This is FRESH AIR. The actor Meshach Taylor died on June 28 at the age of 67. We're going to remember him by listening back to our 1990 interview. Taylor was best known for his role on the TV sitcom "Designing Women" playing Anthony Bouvier, an ex-convict who's a deliveryman for a company of women interior designers in Atlanta. He eventually became their partner in the company.
I'm Michel Martin and this is TELL ME MORE from NPR News. We'll start today by talking about immigration and the crisis at the U.S.-Mexico border. We've been reporting on the search of illegal border crossings, particularly of unaccompanied children. And we're talking about how federal authorities have been scrambling to shelter these would-be migrants and meet the demands of the law for evaluating each person's circumstances.
We women are all too aware that as we get older the risk of having a baby with genetic disorders goes up. All of a woman's eggs are primed up and ready to go before we are born. But the ones we ovulate later are more prone to genetic errors than the earlier ones.
As a friend of mine surmised, "We age, so you kind of think our eggs would, too."
For a long time, doctors have thought that was because the eggs formed earlier are better than those formed later. They call it the "production-line hypothesis."
Preliminary results are out for the run-off in Afghanistan's presidential elections. And the winner seems to be former World Bank economist Ashraf Ghani. His opponent, Abdullah Abdullah, was considered the front-runner after winning 45 percent of the vote in the first round back in April. Now Ashraf Ghani appears to be winning with almost a million more votes than Abdullah. NPR's Sean Carberry joins us from Kabul. Good morning.
More than 60 women and girls who had been abducted by Nigerian extremist group Boko Haram have reportedly escaped to freedom, after their captors left for a raid. More than 200 schoolgirls abducted in April remain missing.
Nigerian officials say 68 women were abducted two weeks ago in the country's northeast. The Associated Press, citing a vigilante leader in the town of Maiduguri, reports that 63 of them made it to safety over the weekend.
From Dakar, NPR's Ofeibea Quist-Arcton reports for our Newscast unit:
It's a warning echoed in countless teen movies — "If you don't pass this class, you'll go to summer school!" Kids for generations have been threatened with the elusive summer school: fail this test, miss this day and kiss your vacation goodbye.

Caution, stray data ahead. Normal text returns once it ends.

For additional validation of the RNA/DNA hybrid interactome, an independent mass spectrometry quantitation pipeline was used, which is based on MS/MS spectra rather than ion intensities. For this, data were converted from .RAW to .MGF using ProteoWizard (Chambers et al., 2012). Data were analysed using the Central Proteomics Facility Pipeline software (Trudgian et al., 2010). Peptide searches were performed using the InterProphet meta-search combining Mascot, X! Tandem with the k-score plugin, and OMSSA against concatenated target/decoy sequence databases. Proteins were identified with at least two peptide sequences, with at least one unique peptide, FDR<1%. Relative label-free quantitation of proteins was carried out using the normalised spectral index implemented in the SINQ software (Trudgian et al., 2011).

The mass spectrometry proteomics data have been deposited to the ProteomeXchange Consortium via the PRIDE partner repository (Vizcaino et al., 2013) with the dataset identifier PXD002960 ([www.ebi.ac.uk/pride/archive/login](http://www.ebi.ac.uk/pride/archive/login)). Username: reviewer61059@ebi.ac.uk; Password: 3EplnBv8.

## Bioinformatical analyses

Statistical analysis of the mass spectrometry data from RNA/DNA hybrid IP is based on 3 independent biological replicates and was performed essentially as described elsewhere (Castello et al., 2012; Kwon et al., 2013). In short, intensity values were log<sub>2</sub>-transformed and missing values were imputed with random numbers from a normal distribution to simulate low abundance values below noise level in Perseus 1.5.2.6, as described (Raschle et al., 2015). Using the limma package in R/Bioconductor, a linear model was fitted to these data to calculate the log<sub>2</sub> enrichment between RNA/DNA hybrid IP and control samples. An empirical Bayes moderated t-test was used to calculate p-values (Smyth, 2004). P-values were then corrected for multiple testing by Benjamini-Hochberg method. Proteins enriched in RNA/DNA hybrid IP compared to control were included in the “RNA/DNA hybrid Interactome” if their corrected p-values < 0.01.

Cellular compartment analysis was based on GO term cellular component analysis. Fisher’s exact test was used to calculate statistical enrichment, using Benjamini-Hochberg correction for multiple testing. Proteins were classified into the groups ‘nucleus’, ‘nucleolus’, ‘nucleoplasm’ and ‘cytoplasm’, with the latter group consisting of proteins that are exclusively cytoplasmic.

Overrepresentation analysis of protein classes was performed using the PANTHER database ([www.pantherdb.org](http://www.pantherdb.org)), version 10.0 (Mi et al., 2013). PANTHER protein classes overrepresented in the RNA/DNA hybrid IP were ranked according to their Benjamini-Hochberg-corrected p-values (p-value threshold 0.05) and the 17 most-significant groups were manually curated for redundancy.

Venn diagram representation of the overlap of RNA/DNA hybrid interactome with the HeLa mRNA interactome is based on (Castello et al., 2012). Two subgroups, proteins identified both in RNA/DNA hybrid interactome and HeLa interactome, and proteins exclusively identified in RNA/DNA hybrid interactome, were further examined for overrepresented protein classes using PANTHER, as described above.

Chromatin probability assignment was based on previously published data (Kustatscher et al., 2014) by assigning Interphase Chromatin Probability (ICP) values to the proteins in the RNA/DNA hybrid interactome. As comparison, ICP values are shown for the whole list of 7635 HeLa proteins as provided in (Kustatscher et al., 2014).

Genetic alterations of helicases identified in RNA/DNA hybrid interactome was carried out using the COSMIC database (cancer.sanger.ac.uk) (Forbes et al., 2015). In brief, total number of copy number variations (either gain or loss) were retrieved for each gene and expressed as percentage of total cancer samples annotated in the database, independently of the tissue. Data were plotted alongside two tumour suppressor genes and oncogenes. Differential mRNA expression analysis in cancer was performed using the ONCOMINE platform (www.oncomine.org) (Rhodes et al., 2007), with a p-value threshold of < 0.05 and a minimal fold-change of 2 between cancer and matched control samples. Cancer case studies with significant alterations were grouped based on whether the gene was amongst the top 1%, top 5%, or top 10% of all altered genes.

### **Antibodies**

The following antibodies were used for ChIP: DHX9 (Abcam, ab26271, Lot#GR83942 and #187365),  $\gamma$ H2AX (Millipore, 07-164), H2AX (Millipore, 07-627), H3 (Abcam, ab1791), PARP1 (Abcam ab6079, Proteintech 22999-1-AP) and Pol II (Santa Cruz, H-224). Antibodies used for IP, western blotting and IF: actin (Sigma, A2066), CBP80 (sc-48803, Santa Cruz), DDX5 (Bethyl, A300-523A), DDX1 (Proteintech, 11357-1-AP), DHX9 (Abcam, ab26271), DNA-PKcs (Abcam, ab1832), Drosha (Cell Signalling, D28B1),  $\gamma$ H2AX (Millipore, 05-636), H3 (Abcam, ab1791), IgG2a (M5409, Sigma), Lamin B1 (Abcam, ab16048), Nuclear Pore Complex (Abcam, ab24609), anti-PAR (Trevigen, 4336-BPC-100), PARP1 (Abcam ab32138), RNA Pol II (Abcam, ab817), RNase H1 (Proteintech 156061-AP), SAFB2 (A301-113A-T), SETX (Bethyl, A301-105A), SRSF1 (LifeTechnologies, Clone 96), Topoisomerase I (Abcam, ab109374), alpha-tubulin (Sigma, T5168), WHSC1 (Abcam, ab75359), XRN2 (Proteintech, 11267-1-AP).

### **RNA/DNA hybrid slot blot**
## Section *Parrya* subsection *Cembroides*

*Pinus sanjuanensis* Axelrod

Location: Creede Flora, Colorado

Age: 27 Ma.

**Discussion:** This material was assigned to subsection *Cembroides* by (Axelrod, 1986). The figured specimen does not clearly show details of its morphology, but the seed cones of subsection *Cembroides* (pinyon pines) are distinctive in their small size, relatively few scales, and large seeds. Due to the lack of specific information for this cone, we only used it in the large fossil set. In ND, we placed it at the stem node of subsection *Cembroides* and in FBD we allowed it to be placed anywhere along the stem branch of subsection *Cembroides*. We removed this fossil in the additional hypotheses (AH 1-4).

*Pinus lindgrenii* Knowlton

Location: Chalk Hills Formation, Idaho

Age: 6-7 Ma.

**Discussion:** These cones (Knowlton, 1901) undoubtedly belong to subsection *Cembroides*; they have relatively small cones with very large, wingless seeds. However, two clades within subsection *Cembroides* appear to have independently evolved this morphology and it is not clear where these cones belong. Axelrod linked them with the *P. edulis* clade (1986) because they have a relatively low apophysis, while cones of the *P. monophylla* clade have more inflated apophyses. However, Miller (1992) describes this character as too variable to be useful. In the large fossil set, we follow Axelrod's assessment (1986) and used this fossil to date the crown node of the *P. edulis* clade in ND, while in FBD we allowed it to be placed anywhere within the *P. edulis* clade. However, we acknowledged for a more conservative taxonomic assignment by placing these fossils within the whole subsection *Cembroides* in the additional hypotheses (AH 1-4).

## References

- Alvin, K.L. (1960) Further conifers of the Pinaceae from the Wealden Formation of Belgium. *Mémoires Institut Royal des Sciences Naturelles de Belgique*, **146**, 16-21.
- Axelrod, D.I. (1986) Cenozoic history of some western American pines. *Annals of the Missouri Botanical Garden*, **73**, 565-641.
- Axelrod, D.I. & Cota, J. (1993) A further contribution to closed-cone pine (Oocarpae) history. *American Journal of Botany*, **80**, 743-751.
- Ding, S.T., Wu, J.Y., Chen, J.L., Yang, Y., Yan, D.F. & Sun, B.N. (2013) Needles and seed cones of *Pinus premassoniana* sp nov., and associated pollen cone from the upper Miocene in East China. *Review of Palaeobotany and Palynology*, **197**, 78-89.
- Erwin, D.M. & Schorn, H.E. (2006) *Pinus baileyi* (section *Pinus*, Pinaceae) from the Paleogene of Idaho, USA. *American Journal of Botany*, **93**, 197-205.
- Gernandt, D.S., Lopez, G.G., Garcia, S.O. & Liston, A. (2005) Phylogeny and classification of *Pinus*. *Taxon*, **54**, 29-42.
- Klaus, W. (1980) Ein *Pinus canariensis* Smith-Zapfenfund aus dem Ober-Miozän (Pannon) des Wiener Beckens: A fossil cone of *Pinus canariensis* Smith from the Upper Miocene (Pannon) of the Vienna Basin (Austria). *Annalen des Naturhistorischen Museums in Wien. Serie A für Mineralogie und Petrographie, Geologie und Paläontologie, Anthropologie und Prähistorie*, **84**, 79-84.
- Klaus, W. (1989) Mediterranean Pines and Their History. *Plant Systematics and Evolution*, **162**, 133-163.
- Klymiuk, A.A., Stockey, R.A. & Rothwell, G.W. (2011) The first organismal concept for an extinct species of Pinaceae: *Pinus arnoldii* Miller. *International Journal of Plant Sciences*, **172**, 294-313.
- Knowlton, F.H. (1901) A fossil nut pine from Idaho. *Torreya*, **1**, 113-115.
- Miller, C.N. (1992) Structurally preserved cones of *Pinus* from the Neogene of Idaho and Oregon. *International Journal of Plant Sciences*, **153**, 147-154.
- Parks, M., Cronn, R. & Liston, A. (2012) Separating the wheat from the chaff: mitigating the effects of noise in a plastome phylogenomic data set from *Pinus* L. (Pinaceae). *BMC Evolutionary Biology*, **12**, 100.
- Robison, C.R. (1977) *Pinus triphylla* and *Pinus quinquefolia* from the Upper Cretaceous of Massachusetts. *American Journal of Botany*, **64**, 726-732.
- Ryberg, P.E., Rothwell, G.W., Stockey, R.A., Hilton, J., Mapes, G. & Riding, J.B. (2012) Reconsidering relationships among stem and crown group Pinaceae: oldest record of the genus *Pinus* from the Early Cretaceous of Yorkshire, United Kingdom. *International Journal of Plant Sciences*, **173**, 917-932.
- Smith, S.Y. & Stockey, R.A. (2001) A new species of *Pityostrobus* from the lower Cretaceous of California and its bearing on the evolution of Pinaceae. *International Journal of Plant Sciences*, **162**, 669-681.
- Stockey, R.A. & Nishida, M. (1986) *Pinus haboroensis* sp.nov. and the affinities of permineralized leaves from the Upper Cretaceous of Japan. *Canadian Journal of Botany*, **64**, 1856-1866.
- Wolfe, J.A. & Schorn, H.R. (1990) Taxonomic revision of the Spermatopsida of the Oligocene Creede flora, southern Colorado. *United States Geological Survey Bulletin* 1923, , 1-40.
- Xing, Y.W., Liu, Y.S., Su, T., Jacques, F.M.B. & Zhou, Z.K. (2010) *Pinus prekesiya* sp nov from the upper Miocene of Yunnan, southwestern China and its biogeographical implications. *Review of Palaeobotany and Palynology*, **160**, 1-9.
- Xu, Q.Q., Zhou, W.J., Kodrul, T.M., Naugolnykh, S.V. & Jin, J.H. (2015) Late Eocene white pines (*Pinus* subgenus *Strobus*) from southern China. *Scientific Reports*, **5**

This summer is no exception, with districts around the country pulling students in for all sorts of programs. But surprisingly, it's really hard to get a head count — either nationally or at the district level — of how many kids are going to summer school.
People flying to the U.S. on international flights may want to keep their cellphones charged: Under a new policy, these and other devices might not be allowed on the plane if they can't power up.
The Transportation Security Administration says its new guideline is aimed at certain airports that have direct flights to the U.S. Officials at those overseas facilities should require passengers to turn on electronic devices before they're allowed to board, the TSA says.
Good morning. I'm Steve Inskeep. Remember that old safety advice - if your fireworks don't go off, lean over the top and shake them. That's a joke but this is not. John Fletcher of Michigan celebrated Independence Day by setting off 10,500 firecrackers attached to his body. He's done this for years. In the past, he's fractured ribs and been knocked unconscious. This year, he only got a bloody nose. Though he admits, he says, he is a little nuts. It's MORNING EDITION. Transcript provided by NPR, Copyright NPR.
Good morning. I'm Renee Montagne. Weddings are always a whirlwind - from the engagement to the wedding photos, which for a couple in Saskatchewan, Canada involved a real tornado. As the bride and groom posed for a close-up, down the road from their ceremony a funnel cloud swirled behind them. The tornado touched down far enough behind them that the wedding photographer was able to capture the moment - perhaps the best wedding photo-bomb ever. It's MORNING EDITION. Transcript provided by NPR, Copyright NPR.